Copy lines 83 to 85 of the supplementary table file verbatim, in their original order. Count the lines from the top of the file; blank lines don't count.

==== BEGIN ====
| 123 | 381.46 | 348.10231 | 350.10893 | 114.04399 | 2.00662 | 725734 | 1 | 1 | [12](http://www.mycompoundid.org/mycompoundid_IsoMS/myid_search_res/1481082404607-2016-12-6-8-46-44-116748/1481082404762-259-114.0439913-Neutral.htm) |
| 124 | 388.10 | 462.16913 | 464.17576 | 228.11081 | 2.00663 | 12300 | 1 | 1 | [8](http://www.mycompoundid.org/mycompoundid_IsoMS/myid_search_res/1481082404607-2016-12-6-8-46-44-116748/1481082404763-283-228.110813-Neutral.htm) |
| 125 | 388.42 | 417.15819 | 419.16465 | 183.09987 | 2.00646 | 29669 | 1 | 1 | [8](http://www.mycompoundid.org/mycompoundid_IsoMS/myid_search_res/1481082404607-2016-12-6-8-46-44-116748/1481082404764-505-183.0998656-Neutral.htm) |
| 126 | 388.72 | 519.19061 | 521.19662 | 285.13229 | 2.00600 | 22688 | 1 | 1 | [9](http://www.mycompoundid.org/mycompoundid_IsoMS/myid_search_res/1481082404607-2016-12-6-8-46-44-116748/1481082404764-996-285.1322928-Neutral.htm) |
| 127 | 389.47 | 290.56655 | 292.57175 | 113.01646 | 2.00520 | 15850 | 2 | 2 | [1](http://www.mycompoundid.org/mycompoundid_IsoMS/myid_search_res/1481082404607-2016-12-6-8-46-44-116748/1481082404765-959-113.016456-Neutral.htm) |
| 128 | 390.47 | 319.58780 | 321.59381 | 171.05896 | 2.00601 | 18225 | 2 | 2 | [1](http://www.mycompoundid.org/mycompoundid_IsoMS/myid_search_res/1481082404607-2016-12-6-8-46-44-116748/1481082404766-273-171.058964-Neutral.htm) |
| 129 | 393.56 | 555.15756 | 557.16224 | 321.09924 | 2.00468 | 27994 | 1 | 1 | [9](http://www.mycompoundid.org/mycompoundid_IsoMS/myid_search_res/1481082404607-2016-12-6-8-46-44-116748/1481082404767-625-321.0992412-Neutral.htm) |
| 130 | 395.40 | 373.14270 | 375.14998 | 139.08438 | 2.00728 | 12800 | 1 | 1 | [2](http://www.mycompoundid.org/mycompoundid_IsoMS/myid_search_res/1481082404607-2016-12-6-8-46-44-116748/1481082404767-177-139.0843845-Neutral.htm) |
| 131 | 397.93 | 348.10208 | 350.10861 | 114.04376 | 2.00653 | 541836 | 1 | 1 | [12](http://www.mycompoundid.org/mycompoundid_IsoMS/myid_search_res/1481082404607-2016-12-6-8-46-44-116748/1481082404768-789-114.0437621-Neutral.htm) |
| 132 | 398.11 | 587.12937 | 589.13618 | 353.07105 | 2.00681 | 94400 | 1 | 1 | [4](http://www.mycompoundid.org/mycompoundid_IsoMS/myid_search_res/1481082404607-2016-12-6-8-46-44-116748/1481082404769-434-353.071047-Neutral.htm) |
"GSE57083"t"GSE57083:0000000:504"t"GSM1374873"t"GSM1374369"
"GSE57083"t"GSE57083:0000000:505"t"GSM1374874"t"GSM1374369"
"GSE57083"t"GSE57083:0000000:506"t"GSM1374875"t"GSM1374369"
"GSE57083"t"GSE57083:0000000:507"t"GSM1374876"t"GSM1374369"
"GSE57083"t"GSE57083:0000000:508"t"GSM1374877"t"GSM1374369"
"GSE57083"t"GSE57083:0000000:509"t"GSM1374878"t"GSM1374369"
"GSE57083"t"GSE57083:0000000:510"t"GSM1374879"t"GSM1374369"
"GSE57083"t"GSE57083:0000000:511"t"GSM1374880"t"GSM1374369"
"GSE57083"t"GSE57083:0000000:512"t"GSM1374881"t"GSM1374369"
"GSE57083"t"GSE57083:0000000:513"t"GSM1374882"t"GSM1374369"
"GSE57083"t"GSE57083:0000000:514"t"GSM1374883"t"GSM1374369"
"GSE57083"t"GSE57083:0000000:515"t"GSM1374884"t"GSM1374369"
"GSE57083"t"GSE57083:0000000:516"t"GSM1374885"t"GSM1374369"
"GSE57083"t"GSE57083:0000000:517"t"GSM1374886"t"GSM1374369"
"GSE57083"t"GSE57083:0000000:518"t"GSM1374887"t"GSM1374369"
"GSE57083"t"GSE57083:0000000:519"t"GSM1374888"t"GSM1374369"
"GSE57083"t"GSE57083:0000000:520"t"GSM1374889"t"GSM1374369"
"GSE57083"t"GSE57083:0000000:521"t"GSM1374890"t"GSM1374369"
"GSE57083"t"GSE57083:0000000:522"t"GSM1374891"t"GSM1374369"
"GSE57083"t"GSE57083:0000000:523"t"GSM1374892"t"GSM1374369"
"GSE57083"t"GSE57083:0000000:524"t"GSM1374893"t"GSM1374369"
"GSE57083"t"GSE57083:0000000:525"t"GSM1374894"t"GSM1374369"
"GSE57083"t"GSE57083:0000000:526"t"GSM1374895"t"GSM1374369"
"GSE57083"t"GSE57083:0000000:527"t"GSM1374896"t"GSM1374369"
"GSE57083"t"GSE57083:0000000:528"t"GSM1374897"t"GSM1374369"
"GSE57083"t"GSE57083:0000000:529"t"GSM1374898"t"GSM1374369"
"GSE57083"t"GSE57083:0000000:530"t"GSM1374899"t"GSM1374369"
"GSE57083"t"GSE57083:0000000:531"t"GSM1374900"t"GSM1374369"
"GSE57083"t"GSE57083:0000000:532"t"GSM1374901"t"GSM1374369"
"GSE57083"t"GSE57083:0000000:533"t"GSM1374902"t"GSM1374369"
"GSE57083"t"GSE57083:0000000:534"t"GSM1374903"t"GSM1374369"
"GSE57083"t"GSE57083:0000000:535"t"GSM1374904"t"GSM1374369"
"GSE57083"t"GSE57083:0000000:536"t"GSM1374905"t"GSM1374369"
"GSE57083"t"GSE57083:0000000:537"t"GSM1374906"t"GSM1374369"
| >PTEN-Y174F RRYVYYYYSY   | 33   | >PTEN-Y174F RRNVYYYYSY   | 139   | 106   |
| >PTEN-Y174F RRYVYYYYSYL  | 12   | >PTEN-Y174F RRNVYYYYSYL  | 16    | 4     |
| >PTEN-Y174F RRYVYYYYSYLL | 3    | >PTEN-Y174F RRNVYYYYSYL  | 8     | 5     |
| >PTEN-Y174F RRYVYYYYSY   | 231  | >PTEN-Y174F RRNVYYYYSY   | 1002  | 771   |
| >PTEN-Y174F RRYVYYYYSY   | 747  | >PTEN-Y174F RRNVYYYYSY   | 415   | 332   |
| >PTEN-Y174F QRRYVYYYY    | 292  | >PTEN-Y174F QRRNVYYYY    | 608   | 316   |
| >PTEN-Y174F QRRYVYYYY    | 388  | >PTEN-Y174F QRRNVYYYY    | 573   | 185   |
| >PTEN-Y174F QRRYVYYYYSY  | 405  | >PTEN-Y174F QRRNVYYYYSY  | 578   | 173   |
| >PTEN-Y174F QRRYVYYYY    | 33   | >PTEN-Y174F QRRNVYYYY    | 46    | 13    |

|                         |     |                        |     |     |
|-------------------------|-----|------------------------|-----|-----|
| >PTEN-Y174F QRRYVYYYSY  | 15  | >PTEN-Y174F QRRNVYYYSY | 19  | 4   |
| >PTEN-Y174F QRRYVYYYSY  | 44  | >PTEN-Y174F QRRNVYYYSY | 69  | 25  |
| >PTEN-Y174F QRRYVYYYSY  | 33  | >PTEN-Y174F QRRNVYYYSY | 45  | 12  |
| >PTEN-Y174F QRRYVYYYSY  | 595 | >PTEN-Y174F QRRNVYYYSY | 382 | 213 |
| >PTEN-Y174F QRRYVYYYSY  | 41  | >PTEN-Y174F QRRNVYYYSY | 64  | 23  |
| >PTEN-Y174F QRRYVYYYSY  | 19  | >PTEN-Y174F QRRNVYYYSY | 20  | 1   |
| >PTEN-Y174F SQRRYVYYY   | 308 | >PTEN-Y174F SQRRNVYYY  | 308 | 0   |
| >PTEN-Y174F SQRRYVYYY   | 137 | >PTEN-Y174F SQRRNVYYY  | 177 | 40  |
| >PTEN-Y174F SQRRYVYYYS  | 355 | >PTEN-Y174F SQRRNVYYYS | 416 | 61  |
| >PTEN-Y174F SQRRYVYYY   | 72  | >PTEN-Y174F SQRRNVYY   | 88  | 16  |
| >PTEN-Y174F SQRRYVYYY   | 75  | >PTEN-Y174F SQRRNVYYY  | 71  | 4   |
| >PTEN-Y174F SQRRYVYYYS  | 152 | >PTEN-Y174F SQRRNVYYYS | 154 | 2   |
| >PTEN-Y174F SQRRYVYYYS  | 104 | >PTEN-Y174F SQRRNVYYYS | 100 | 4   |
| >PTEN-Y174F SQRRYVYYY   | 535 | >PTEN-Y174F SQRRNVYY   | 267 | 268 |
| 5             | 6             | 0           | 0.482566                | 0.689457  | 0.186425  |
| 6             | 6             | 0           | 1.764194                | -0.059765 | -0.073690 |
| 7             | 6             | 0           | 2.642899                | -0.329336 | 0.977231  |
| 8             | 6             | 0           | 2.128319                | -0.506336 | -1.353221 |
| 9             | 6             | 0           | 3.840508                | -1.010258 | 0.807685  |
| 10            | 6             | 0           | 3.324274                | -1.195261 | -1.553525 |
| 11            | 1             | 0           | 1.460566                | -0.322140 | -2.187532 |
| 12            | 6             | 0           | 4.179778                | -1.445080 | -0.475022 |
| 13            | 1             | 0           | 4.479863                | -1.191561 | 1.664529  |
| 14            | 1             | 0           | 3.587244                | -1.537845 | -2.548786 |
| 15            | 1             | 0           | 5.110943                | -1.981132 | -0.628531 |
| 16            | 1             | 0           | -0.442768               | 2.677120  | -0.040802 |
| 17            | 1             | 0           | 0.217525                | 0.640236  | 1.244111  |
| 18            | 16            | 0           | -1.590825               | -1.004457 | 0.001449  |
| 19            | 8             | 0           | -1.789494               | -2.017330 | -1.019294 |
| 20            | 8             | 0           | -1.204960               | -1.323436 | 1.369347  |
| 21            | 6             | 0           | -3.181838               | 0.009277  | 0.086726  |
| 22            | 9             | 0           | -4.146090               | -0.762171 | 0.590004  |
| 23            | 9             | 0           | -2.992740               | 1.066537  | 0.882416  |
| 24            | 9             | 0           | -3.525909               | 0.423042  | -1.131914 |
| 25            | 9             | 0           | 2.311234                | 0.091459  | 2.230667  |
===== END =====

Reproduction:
| 18            | 16            | 0           | -1.590825               | -1.004457 | 0.001449  |
| 19            | 8             | 0           | -1.789494               | -2.017330 | -1.019294 |
| 20            | 8             | 0           | -1.204960               | -1.323436 | 1.369347  |